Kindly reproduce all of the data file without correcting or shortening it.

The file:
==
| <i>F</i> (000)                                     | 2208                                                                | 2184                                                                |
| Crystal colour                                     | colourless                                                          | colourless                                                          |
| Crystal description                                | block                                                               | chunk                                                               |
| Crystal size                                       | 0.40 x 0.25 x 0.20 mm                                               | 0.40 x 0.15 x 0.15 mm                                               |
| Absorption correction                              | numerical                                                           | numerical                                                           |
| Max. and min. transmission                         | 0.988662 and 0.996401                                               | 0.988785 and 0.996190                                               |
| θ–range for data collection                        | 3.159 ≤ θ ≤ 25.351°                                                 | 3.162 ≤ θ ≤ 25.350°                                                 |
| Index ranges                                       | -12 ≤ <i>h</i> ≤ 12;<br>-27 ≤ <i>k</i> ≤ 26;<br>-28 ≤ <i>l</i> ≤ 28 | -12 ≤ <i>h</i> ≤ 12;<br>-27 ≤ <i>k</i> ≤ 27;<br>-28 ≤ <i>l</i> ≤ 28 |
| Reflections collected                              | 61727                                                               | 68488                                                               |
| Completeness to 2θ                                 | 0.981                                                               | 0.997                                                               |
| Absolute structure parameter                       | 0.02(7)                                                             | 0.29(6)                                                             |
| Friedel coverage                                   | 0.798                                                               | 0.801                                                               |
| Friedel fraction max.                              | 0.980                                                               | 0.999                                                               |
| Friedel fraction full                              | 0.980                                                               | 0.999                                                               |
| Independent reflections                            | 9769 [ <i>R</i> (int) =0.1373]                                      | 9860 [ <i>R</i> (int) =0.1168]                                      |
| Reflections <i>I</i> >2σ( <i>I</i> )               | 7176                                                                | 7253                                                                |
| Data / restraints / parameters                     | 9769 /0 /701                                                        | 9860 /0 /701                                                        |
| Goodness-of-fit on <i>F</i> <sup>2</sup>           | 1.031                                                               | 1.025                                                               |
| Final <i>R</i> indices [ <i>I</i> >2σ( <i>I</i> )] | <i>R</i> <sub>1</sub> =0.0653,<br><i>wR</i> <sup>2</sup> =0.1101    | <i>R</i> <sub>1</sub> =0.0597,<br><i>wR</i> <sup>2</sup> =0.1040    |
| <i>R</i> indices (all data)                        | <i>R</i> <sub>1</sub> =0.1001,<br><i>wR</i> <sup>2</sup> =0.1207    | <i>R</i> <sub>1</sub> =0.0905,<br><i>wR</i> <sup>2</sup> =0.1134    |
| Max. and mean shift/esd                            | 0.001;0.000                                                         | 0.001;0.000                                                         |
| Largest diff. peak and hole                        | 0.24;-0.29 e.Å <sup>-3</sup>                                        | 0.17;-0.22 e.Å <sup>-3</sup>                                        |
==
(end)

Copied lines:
| <i>F</i> (000)                                     | 2208                                                                | 2184                                                                |
| Crystal colour                                     | colourless                                                          | colourless                                                          |
| Crystal description                                | block                                                               | chunk                                                               |
| Crystal size                                       | 0.40 x 0.25 x 0.20 mm                                               | 0.40 x 0.15 x 0.15 mm                                               |
| Absorption correction                              | numerical                                                           | numerical                                                           |
| Max. and min. transmission                         | 0.988662 and 0.996401                                               | 0.988785 and 0.996190                                               |
| θ–range for data collection                        | 3.159 ≤ θ ≤ 25.351°                                                 | 3.162 ≤ θ ≤ 25.350°                                                 |
| Index ranges                                       | -12 ≤ <i>h</i> ≤ 12;<br>-27 ≤ <i>k</i> ≤ 26;<br>-28 ≤ <i>l</i> ≤ 28 | -12 ≤ <i>h</i> ≤ 12;<br>-27 ≤ <i>k</i> ≤ 27;<br>-28 ≤ <i>l</i> ≤ 28 |
| Reflections collected                              | 61727                                                               | 68488                                                               |
| Completeness to 2θ                                 | 0.981                                                               | 0.997                                                               |
| Absolute structure parameter                       | 0.02(7)                                                             | 0.29(6)                                                             |
| Friedel coverage                                   | 0.798                                                               | 0.801                                                               |
| Friedel fraction max.                              | 0.980                                                               | 0.999                                                               |
| Friedel fraction full                              | 0.980                                                               | 0.999                                                               |
| Independent reflections                            | 9769 [ <i>R</i> (int) =0.1373]                                      | 9860 [ <i>R</i> (int) =0.1168]                                      |
| Reflections <i>I</i> >2σ( <i>I</i> )               | 7176                                                                | 7253                                                                |
| Data / restraints / parameters                     | 9769 /0 /701                                                        | 9860 /0 /701                                                        |
| Goodness-of-fit on <i>F</i> <sup>2</sup>           | 1.031                                                               | 1.025                                                               |
| Final <i>R</i> indices [ <i>I</i> >2σ( <i>I</i> )] | <i>R</i> <sub>1</sub> =0.0653,<br><i>wR</i> <sup>2</sup> =0.1101    | <i>R</i> <sub>1</sub> =0.0597,<br><i>wR</i> <sup>2</sup> =0.1040    |
| <i>R</i> indices (all data)                        | <i>R</i> <sub>1</sub> =0.1001,<br><i>wR</i> <sup>2</sup> =0.1207    | <i>R</i> <sub>1</sub> =0.0905,<br><i>wR</i> <sup>2</sup> =0.1134    |
| Max. and mean shift/esd                            | 0.001;0.000                                                         | 0.001;0.000                                                         |
| Largest diff. peak and hole                        | 0.24;-0.29 e.Å <sup>-3</sup>                                        | 0.17;-0.22 e.Å <sup>-3</sup>                                        |